When learning how to shoot in manual mode there are three things you need to think about....

  3. ISO
These three things together, create what's known as "the exposure triangle".

You'll often see an equilateral triangle when learning about exposure. It's a useful way to describe the relationship between the three aspects of exposure. Each of your 3 settings need to be balanced with one another to achieve a correct exposure. 

To get the correct exposure for your photo, you need to adjust each of these settings on your camera so that your light meter reads "0".

Your light meter should look something like this:

Canon and Nikon are generally considered to be the two biggest players in the world of DSLR photography. I'm a Canon girl so my light meter looks like this:

Trying to flit between the two makes of camera is a real head scratcher because the plus and minus of Nikon light meter is reversed. If you shoot Nikon your light meter should look like this.

In the images above, the light meters are balanced at zero, so if we were to take a photo with our light meter set at zero, we should get a photo that is not too dark or too light. A properly exposed photo.

Look at these three Canon light meters below labelled A, B, C. What sort of photos will they produce? Can you match the light readings to the images? (***See the bottom of the blog post for the answers***)

As you may have already discovered, understanding exposure is not quite as straight forward as balancing your light meter to zero. Take another look at the exposure triangle.

You can see from this picture that each of these settings has a different effect on your photo. Adjusting just one of these will change the appearance of your photo based on what you have changed.

          1. APERTURE
              By changing your aperture you will effect the depth of field (how much is in focus).

          2. SHUTTER SPEED
              By changing your shutter speed, you will effect the motion blur in your photo.

          3. ISO (pronounced eye-so)
              By changing your ISO you will effect your camera's sensitivity to light and the amount of
              noise/grain in your photo.

Some people really hate noise in their photos and will always try to shoot with as low an ISO as possible. I'm not a huge fan of noise but it's not something I lose any sleep over.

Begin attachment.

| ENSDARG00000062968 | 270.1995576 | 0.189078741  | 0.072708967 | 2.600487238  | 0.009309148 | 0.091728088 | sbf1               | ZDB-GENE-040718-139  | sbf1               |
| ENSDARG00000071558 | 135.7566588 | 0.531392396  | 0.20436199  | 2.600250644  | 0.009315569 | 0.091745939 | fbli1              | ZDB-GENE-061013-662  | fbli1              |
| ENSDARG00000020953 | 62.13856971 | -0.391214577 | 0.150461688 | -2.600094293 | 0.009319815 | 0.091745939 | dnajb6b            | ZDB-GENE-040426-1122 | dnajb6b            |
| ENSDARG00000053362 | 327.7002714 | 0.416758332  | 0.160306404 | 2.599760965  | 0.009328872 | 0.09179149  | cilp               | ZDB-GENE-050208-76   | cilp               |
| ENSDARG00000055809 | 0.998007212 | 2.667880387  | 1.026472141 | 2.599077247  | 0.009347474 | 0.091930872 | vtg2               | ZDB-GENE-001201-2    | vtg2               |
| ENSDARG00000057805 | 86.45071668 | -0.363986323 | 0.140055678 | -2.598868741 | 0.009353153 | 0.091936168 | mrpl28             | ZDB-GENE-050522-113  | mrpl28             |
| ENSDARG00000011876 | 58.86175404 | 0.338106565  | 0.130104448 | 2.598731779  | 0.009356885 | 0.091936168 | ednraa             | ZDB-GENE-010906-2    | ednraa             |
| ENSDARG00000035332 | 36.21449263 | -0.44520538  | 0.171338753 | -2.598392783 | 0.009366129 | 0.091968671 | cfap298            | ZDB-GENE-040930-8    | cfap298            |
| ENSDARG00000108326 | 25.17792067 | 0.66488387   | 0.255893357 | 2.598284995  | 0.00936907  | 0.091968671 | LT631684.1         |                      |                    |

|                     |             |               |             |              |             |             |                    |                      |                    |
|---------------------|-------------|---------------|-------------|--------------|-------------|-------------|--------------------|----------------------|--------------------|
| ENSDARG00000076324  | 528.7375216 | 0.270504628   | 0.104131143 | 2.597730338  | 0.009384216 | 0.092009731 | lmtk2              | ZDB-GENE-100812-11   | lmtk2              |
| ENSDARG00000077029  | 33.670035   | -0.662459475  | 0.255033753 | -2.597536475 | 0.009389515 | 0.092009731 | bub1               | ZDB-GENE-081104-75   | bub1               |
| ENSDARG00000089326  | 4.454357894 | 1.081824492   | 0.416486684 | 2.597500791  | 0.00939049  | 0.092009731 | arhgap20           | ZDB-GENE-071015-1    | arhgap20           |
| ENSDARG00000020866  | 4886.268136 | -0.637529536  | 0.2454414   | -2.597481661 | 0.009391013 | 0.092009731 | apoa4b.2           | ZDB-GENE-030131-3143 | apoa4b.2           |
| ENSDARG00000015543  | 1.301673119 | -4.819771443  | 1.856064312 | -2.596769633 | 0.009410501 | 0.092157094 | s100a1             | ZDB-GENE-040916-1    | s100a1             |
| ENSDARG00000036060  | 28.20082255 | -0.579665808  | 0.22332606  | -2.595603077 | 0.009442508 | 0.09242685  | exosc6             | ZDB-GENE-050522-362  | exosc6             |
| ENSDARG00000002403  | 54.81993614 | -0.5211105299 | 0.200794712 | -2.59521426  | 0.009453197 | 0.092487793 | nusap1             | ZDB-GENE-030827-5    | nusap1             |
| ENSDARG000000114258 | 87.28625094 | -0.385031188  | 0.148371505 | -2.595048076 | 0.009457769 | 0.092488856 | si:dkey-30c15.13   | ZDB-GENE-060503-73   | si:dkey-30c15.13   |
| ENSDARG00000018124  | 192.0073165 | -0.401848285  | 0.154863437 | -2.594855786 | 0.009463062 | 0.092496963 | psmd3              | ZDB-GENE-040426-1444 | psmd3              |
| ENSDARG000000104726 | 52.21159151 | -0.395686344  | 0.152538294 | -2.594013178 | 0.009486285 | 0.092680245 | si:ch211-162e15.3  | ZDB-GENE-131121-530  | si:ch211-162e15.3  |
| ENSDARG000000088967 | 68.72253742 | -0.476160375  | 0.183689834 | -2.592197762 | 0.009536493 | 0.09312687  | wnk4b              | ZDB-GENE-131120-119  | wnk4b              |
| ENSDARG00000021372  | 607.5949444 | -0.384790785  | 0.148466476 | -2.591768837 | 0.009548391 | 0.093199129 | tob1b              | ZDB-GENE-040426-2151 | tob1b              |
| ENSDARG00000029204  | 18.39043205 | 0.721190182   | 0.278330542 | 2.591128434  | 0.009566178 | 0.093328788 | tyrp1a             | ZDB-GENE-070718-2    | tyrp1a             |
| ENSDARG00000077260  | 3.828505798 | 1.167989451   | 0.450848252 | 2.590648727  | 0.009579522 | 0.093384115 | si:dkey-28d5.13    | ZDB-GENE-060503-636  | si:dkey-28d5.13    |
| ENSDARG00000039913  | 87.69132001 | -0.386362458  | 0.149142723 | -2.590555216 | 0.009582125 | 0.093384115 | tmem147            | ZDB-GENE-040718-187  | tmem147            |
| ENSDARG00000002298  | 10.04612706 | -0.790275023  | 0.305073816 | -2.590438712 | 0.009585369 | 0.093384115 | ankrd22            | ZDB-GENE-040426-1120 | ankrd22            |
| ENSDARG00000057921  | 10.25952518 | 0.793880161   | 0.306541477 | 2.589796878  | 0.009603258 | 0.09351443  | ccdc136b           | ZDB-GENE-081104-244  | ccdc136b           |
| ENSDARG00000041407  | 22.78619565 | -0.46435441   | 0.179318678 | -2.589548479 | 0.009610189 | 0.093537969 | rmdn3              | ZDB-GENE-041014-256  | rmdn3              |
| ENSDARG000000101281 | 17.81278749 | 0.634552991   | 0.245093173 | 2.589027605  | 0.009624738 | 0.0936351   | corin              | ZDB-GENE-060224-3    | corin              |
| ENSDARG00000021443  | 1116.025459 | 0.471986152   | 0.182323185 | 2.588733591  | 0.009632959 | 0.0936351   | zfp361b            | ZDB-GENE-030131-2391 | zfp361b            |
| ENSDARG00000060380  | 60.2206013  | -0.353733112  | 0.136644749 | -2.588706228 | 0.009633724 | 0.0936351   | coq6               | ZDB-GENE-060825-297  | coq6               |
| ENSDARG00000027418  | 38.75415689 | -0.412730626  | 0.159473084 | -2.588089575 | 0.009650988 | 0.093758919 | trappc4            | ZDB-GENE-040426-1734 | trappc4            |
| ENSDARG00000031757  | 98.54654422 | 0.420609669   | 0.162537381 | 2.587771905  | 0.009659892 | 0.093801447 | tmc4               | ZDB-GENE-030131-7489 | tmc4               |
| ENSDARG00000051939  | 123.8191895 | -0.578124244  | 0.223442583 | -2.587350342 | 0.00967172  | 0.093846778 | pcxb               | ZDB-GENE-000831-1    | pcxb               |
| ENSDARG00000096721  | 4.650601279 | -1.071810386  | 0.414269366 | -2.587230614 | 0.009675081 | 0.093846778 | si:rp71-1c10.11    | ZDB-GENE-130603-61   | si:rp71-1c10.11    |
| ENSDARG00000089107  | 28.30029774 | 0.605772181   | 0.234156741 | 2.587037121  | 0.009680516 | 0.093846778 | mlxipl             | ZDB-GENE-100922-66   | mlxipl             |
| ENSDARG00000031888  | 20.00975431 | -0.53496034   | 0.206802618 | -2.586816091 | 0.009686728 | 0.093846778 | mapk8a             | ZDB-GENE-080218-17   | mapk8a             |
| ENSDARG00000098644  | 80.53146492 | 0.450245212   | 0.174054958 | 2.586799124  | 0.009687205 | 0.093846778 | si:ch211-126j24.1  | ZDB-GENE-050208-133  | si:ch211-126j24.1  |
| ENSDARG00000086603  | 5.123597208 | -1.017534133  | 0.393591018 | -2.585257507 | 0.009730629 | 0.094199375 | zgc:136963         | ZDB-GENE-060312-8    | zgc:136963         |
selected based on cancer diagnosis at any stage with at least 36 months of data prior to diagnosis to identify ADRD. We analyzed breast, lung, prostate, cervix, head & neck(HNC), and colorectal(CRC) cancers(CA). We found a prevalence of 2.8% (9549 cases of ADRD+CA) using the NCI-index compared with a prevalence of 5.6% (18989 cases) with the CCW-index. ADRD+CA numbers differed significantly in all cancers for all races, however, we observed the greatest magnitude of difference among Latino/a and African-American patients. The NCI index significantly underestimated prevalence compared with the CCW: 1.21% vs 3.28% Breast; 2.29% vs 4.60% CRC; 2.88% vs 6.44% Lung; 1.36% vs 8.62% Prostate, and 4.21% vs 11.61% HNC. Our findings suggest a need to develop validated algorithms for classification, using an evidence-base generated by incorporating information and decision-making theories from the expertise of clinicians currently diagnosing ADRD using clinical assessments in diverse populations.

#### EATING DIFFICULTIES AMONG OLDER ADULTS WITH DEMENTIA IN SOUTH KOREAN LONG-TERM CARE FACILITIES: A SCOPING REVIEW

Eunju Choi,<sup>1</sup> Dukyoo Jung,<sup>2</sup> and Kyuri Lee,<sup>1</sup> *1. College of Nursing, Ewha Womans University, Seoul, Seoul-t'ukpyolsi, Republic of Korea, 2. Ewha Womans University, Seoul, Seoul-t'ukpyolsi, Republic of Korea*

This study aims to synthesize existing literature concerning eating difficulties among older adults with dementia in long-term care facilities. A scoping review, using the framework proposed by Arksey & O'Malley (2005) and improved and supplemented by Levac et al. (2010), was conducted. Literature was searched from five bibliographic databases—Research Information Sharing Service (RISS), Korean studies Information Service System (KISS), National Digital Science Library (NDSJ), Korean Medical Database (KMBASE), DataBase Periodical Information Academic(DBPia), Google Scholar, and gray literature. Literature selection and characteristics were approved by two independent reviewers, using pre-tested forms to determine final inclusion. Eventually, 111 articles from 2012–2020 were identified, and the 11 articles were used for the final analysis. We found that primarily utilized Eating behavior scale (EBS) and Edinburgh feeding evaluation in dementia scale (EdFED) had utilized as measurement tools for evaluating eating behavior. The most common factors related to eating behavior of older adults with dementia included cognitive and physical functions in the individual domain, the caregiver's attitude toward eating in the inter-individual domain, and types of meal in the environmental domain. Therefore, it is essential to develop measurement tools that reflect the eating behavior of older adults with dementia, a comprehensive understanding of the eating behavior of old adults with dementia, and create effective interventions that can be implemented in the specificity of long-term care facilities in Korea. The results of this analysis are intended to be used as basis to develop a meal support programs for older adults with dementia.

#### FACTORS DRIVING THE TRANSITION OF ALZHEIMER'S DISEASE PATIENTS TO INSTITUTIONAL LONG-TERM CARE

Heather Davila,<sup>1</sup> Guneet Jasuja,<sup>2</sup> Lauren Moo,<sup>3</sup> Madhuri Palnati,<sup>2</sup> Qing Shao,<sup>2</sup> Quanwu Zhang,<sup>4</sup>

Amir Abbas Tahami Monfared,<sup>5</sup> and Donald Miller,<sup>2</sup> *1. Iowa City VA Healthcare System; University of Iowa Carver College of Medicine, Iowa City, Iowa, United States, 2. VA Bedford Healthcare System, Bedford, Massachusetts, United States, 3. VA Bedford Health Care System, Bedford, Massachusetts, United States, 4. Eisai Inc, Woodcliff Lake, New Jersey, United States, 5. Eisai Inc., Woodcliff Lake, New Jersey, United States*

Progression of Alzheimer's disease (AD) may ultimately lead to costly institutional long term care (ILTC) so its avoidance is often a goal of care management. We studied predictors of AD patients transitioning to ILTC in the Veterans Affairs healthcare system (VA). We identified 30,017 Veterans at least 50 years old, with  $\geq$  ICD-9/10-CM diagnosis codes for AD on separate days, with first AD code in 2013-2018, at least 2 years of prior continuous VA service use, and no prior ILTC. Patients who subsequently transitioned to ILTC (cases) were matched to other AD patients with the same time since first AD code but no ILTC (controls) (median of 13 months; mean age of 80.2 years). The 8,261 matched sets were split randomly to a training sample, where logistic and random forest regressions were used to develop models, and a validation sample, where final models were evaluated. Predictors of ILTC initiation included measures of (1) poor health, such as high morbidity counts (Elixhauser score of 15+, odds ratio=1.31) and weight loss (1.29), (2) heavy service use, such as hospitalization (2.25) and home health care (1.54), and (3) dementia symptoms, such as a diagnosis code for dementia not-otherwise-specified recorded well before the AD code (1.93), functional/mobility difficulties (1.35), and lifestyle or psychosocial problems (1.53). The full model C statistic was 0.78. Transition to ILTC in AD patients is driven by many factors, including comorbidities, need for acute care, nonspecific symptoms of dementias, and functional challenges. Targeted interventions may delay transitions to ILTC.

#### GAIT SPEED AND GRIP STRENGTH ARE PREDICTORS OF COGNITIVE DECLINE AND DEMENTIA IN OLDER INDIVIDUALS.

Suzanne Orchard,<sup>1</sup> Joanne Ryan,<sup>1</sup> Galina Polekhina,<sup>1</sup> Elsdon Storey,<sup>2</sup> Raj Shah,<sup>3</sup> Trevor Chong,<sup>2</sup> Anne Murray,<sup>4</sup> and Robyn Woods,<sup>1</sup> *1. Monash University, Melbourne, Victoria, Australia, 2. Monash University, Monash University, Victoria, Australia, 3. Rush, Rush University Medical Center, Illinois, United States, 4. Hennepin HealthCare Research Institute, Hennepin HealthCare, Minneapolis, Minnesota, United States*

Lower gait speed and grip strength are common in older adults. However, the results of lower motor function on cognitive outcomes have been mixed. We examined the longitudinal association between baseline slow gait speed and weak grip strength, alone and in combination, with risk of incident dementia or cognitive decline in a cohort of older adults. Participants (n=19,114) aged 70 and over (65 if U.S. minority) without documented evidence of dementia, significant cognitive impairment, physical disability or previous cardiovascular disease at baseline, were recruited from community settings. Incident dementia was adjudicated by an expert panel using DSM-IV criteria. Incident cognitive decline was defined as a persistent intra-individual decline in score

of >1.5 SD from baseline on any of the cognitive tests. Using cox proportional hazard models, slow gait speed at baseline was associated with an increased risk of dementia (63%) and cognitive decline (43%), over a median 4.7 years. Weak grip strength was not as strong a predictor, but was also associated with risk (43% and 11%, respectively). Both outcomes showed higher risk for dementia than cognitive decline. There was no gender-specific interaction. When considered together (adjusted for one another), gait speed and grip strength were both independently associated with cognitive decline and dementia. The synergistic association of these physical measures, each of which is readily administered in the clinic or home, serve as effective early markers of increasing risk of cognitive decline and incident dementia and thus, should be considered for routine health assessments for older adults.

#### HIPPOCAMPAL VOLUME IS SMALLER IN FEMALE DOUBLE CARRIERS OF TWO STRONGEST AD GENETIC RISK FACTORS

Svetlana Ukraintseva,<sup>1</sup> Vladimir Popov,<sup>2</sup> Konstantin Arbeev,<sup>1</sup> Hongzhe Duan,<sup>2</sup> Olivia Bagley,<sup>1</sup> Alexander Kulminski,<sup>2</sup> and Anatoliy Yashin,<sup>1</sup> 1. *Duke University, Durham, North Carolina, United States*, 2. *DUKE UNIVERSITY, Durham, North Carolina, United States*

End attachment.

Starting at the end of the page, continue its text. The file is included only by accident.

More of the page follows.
Here's a little video to show you how to change your aperture, shutter speed and ISO:

In the video above, I refer to the little screen on top of my camera where you can see my light meter and camera settings.  You might have these things displayed on the LCD screen on the back of your camera but you can also find them by looking through the viewfinder on your camera.

Pro tip: Try to get into the habit of changing your camera settings while you are looking through your viewfinder.

Practice Makes Perfect!

If, like me, you need to actually DO things to understand them properly, have a go at this:

Exercise - Try this indoors during the daytime when there is a fair amount of natural light coming in to the room.

          1. Set your aperture to f4, your shutter speed to 1/125 and your ISO to 1000. Take a photo.

          2. Now change your aperture to 3.5, your shutter speed to 1/200 and your ISO to 1250. Take a
              second photo.

          3. Compare the photos

You'll notice that although your settings have changed, both of these photos should have the same exposure. That is to say, they should both have the same amount of light in them. They might be a bit under (dark) or overexposed (light) depending on your specific set up, but my point is, that the photos should look pretty similar even though you've tweaked the settings.

Hopefully I've helped you understand the importance of relationship between the three corners of the exposure triangle. Each corner (aperture, shutter speed and ISO) deserves its own post so I'll be explaining each one in more detail over the coming weeks. 

Next lesson: Understanding Aperture in China Town.

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***Answers to the above***
A2 (overexposed), B3 (correct exposure), C1 (underexposed)

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